However, the most prominent lapse of all—though still never reported on until the scandal erupted three weeks ago—has been the agency’s failure to act on the obvious abuse of the 501(c)4 section of the IRS code that allows plainly political organizations such as Karl Rove’s Grassroots GPS and the Obama camp’s Organizing For America (which has since become Organization for Action) to keep donors secret because they claim to be “social welfare organizations.” When I wrote about that last year, I suggested reporters should demand to know why these organizations’ applications have been gathering dust for years awaiting a formal decision, during which time they were allowed to collect and spend millions while keeping donors secret.
For me, the story of how these heavy-hitters’ fake 501(c)4s were allowed to prosper with secret money while the IRS kept their applications in a drawer is as important as what seems to be the obviously unfair plan by some mentally challenged bureaucrats in Cincinnati to single out the applications of much smaller 501(c)4s by using key words such as “Tea Party” or “patriot.”
Sure, the president or his Treasury secretary—in whose Cabinet department the IRS presides—is not supposed to interfere politically in the IRS. But that doesn’t mean they can’t or shouldn’t concern themselves with whether the agency is doing its basic job. Both men had to know for years that the tax exemption application process was broken, because highly publicized organizations lavishly funding both their side and the other side were benefitting from the breakdown of the process. So, why didn’t anyone at the White House or Treasury simply ask what’s taking so long—or even demand that the IRS issue clear guidelines or regulations defining the limits of the political activity a “social welfare” organization can engage in and then make decisions accordingly?
Note to reporters thinking about undertaking this project: Be sure to ask former Treasury Secretary Timothy Geithner about all of this. This happened on his watch, yet I haven’t seen his name mentioned in a single story about the IRS scandal.
The IRS is responsible for the most important, far reaching consumer service performed by our national government. Yet its basic customer service (including an incomprehensible website) is as lousy as its policies are inscrutable. No mayor could be reelected who ran his sanitation department the way Barack Obama—aided by Geithner and now Jack Lew—runs the IRS. And, as we now know with the multiple failures of the division responsible for tax exempt applications, IRS incompetence is more than a matter of bad customer service; it affects all kinds of areas from abusive hospital billing to the integrity of our elections.
Sure, the Treasury secretary, not to mention the president, have responsibilities far heavier than worrying about the IRS. It’s also true that one of the “reforms” following revelations during the Watergate investigation that the Nixon administration had ordered IRS audits of its political enemies required that everyone at the agency except for the director and the general counsel would be civil servants and not political appointees. This means they can’t be fired for refusing to do the White House’s bidding, which is good. It also means that without going through a long, bureaucratic review process, they can’t be fired for incompetence or even misconduct by a Treasury secretary or a president who bothers to pay attention to their failures. That’s not good.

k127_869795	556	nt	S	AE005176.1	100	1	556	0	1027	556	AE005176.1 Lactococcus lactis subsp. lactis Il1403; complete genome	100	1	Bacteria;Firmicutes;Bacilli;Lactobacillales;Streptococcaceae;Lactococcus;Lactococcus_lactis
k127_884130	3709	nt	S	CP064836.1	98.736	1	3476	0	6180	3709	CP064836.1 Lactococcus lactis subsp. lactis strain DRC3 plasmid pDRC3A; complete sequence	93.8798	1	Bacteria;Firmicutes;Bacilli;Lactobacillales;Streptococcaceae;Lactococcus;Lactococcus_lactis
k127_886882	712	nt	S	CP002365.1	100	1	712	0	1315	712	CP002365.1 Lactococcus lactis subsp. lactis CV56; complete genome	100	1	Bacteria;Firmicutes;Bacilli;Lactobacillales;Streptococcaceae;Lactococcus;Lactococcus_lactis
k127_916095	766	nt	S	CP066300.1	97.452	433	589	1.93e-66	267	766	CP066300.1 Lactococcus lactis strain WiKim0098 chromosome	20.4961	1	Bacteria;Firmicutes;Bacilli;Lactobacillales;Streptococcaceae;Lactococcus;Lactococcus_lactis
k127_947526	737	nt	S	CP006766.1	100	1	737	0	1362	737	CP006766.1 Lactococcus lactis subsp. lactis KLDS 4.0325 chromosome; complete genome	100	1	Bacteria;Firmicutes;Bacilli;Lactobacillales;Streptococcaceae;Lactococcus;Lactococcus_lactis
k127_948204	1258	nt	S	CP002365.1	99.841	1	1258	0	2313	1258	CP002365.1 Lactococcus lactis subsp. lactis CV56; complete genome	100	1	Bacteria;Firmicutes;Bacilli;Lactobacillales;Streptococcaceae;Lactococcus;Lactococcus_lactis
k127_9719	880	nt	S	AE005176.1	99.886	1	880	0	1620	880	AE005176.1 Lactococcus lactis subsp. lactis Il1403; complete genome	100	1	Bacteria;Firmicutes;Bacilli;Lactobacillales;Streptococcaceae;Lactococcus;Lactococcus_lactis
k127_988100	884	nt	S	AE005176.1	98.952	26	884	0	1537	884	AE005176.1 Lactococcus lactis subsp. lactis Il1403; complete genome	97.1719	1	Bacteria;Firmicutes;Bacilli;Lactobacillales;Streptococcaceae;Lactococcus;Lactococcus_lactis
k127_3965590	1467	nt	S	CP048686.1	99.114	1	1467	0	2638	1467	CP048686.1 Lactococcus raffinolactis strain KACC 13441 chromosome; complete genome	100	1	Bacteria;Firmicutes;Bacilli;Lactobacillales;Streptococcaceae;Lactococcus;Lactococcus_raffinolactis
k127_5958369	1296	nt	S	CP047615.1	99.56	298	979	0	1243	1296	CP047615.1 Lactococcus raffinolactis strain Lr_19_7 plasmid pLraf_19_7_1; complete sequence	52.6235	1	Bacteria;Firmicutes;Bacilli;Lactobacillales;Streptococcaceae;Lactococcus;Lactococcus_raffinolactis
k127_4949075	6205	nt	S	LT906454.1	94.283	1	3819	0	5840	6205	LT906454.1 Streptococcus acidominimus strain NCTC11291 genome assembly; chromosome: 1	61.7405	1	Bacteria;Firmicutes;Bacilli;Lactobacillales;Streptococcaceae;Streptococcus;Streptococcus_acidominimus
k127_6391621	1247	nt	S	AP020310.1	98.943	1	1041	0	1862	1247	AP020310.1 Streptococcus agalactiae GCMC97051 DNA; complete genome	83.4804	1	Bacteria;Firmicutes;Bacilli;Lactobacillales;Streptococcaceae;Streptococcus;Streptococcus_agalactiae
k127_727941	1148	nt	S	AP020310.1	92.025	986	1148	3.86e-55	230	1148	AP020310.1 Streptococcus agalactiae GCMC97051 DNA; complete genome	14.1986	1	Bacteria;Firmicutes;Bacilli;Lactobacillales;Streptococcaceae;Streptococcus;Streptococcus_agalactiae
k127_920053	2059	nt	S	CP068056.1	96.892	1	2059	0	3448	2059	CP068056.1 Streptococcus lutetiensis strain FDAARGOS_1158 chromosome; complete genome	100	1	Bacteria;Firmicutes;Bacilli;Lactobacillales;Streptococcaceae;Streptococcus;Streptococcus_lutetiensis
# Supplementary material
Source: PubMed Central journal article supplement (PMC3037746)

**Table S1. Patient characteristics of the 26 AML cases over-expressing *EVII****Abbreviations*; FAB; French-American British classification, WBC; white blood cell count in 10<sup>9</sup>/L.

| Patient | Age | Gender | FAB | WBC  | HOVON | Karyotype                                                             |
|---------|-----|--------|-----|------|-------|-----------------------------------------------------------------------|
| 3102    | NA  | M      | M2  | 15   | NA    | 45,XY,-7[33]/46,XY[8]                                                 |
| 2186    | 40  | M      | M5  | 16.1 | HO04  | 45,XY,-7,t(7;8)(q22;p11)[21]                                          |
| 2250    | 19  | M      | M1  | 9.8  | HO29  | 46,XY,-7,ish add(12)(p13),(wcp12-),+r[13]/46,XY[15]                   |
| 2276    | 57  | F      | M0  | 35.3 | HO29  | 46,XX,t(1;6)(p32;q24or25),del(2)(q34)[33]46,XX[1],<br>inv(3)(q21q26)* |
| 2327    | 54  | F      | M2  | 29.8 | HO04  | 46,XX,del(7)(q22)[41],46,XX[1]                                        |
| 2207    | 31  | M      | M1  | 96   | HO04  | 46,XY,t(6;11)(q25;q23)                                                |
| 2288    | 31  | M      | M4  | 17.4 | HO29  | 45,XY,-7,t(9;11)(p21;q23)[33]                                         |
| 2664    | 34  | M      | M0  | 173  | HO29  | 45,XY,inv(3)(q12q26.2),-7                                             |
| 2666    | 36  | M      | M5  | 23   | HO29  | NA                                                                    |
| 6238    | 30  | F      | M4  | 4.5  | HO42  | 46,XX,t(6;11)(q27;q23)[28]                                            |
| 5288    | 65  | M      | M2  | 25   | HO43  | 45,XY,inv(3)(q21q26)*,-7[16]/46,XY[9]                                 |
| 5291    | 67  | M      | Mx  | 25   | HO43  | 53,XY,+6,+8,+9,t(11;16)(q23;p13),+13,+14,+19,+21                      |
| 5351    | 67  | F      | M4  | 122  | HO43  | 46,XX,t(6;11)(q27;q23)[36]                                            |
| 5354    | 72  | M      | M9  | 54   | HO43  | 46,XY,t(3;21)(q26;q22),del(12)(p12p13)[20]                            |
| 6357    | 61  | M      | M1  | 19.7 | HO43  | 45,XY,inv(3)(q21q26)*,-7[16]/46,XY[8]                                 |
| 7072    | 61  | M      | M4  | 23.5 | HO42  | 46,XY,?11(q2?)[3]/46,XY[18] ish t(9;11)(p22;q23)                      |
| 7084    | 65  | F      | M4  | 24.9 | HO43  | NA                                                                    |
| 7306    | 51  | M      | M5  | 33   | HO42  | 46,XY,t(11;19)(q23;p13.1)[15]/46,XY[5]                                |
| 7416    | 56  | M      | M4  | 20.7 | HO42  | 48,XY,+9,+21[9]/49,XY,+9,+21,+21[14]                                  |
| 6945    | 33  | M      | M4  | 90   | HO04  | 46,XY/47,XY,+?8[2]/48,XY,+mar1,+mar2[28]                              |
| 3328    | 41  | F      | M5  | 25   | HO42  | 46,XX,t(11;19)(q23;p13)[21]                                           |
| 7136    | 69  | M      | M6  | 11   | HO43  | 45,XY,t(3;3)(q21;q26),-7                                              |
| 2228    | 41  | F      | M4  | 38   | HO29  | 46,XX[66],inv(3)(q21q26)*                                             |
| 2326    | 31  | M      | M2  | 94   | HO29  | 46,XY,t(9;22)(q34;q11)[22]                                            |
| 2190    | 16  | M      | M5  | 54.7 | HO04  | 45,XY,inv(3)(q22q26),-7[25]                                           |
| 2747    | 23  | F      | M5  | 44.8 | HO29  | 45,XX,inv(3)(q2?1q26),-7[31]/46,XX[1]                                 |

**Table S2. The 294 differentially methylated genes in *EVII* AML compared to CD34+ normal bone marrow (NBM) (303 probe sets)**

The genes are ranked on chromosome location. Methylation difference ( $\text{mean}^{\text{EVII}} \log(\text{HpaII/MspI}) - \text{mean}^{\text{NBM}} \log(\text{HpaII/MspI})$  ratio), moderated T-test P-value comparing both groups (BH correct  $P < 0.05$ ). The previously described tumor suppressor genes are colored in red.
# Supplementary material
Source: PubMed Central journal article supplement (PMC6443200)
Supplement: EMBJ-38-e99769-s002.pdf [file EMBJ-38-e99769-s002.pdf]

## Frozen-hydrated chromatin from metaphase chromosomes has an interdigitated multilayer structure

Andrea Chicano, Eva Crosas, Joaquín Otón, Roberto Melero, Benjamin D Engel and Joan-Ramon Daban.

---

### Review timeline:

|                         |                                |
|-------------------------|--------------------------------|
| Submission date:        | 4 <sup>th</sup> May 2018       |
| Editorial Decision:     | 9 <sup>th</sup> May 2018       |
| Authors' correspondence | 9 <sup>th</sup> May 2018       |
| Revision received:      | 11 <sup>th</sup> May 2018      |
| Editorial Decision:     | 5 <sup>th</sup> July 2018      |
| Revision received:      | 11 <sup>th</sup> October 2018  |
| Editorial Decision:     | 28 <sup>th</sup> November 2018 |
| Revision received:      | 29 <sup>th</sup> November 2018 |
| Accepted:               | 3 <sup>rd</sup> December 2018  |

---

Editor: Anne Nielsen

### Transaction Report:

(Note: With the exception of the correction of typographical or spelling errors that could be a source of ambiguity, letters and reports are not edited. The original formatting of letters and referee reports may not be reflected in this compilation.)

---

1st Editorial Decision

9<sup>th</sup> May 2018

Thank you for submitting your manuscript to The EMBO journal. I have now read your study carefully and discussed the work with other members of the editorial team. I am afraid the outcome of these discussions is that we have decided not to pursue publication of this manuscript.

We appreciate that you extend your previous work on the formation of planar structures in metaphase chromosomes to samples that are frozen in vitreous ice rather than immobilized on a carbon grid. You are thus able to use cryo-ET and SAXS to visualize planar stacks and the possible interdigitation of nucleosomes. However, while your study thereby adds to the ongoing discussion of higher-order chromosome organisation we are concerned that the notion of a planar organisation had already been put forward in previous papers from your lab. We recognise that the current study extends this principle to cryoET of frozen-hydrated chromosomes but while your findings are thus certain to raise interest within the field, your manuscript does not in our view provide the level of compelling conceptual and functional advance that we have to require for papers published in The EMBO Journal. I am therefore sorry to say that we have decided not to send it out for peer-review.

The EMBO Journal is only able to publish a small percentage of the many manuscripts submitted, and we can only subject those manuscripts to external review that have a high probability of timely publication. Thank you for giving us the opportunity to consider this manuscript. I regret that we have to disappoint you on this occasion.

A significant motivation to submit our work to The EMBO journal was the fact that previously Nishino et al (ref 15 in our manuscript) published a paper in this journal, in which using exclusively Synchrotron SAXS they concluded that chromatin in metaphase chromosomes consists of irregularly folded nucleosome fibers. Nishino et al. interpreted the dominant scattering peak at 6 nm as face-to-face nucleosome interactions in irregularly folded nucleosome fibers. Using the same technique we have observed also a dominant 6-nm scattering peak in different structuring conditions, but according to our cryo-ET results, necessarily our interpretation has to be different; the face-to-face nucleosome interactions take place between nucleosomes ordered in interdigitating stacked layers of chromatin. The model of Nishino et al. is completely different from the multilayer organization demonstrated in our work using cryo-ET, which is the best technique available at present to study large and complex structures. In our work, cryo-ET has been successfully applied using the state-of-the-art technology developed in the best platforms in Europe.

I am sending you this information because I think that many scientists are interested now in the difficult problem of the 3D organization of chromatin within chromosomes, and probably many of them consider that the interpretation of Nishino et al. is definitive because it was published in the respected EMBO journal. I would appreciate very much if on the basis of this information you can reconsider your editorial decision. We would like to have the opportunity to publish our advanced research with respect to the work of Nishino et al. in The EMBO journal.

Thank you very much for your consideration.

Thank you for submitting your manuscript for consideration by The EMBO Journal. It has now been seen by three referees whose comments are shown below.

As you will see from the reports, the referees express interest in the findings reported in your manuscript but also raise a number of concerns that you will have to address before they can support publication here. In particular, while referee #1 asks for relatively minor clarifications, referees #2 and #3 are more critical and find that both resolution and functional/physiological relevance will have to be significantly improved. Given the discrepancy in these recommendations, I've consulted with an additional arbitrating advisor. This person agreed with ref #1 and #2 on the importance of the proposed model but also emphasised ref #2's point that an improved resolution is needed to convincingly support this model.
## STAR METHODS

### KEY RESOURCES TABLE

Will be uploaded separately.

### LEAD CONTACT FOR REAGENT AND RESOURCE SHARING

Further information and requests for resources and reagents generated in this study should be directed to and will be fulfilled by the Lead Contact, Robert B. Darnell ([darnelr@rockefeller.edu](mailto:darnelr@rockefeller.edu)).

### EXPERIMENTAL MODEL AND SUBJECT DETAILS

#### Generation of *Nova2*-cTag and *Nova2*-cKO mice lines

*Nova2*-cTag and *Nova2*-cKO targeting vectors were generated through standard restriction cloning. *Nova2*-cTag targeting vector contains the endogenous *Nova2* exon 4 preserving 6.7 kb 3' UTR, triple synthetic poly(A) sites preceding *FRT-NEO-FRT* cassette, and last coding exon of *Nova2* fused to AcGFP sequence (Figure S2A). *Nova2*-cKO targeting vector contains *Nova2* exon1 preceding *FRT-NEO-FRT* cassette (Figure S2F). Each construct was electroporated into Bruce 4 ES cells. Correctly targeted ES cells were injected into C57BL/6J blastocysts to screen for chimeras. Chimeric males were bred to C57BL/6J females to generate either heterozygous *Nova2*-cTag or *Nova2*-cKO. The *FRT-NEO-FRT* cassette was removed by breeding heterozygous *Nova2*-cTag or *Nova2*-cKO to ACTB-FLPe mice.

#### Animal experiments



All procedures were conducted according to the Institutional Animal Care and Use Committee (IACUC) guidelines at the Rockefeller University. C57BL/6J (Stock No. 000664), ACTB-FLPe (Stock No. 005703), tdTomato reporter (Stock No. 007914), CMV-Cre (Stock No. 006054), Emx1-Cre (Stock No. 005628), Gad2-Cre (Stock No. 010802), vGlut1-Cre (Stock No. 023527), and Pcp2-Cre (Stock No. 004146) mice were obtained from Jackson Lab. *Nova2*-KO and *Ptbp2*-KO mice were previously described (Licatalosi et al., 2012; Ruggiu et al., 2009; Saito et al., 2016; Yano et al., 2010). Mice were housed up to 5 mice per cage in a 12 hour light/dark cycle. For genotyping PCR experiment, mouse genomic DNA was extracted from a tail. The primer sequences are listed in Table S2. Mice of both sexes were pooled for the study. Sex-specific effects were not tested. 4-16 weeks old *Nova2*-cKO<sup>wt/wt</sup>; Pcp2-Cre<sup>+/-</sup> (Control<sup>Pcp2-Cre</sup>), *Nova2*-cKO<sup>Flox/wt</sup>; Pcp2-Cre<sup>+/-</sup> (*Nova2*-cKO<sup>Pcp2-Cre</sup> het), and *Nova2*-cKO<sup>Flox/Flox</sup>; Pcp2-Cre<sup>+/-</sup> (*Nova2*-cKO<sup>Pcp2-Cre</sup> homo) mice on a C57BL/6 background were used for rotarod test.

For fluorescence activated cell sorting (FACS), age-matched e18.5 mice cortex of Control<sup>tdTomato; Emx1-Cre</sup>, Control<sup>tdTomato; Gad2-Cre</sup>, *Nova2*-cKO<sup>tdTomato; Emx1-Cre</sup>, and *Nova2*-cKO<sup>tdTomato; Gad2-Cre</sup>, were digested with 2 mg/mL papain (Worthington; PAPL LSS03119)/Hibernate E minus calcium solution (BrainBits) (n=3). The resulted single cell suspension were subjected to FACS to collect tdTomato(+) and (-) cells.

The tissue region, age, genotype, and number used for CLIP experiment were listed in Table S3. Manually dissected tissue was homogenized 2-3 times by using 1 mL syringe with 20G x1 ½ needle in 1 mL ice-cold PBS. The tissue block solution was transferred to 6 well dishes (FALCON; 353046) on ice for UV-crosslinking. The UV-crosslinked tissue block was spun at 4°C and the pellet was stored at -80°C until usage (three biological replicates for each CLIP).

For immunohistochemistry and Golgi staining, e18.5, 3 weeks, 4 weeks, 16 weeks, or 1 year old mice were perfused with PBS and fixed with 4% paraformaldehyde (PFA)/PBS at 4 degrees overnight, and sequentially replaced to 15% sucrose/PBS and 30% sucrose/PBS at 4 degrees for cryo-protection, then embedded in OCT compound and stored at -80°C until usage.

All of which suggests an important story hiding in plain site now that so many reporters are focused on the IRS. Why has it been allowed to be treated, as I wrote a few weeks ago, as “an inscrutable, unaccountable building rather than a group of public servants who work for us”?
And what would it take to fix it? Were the Watergate reforms—perhaps like other civil service safeguards or job security protections embedded in public employee union contracts—too much of a good thing, resulting in unaccountable bureaucrats?
Have these protections allowed our president and his appointees to ignore the basic management function of government because they have the excuse that they can’t control the bureaucrats? What, in fact, would it have taken to fire Lois Lerner—the hapless head of the IRS division overseeing tax exempt organizations—when it should have been obvious to any president or Treasury secretary well before she became famous for taking the Fifth that she was running an office that was not functioning?
Could a president whose style is more Chris Christie than law school professor have pushed over those civil service barriers the way we should want him to? And what will it now take to fire the idiots in Cincinnati who chose those “key words” to single out local conservative political groups?
It’s a story more important than just how to make the IRS work better, though that’s pretty important. It’s about how to restore confidence in government by making sure the people who serve us get the basic things right.